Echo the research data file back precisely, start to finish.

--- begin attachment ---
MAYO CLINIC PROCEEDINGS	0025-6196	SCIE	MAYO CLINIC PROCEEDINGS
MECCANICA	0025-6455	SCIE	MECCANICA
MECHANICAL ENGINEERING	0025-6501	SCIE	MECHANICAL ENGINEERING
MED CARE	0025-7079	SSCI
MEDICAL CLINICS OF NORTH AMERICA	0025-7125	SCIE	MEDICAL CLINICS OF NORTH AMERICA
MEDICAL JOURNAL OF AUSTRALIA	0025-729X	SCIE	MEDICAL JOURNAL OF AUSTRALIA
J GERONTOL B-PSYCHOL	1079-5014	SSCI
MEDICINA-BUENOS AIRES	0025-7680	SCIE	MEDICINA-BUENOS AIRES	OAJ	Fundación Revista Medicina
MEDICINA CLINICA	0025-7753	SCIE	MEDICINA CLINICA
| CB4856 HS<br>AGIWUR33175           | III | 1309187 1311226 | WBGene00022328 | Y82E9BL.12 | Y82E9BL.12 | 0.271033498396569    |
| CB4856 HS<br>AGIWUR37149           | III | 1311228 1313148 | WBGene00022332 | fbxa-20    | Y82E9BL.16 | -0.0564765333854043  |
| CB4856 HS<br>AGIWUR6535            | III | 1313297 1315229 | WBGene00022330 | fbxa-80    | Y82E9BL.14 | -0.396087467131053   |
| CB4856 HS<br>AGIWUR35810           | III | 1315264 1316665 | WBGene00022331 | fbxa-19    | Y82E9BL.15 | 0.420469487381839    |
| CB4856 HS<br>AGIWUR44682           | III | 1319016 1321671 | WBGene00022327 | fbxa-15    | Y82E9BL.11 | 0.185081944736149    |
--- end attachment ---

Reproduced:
MAYO CLINIC PROCEEDINGS	0025-6196	SCIE	MAYO CLINIC PROCEEDINGS
MECCANICA	0025-6455	SCIE	MECCANICA
MECHANICAL ENGINEERING	0025-6501	SCIE	MECHANICAL ENGINEERING
MED CARE	0025-7079	SSCI
MEDICAL CLINICS OF NORTH AMERICA	0025-7125	SCIE	MEDICAL CLINICS OF NORTH AMERICA
MEDICAL JOURNAL OF AUSTRALIA	0025-729X	SCIE	MEDICAL JOURNAL OF AUSTRALIA
J GERONTOL B-PSYCHOL	1079-5014	SSCI
MEDICINA-BUENOS AIRES	0025-7680	SCIE	MEDICINA-BUENOS AIRES	OAJ	Fundación Revista Medicina
MEDICINA CLINICA	0025-7753	SCIE	MEDICINA CLINICA
| CB4856 HS<br>AGIWUR33175           | III | 1309187 1311226 | WBGene00022328 | Y82E9BL.12 | Y82E9BL.12 | 0.271033498396569    |
| CB4856 HS<br>AGIWUR37149           | III | 1311228 1313148 | WBGene00022332 | fbxa-20    | Y82E9BL.16 | -0.0564765333854043  |
| CB4856 HS<br>AGIWUR6535            | III | 1313297 1315229 | WBGene00022330 | fbxa-80    | Y82E9BL.14 | -0.396087467131053   |
| CB4856 HS<br>AGIWUR35810           | III | 1315264 1316665 | WBGene00022331 | fbxa-19    | Y82E9BL.15 | 0.420469487381839    |
| CB4856 HS<br>AGIWUR44682           | III | 1319016 1321671 | WBGene00022327 | fbxa-15    | Y82E9BL.11 | 0.185081944736149    |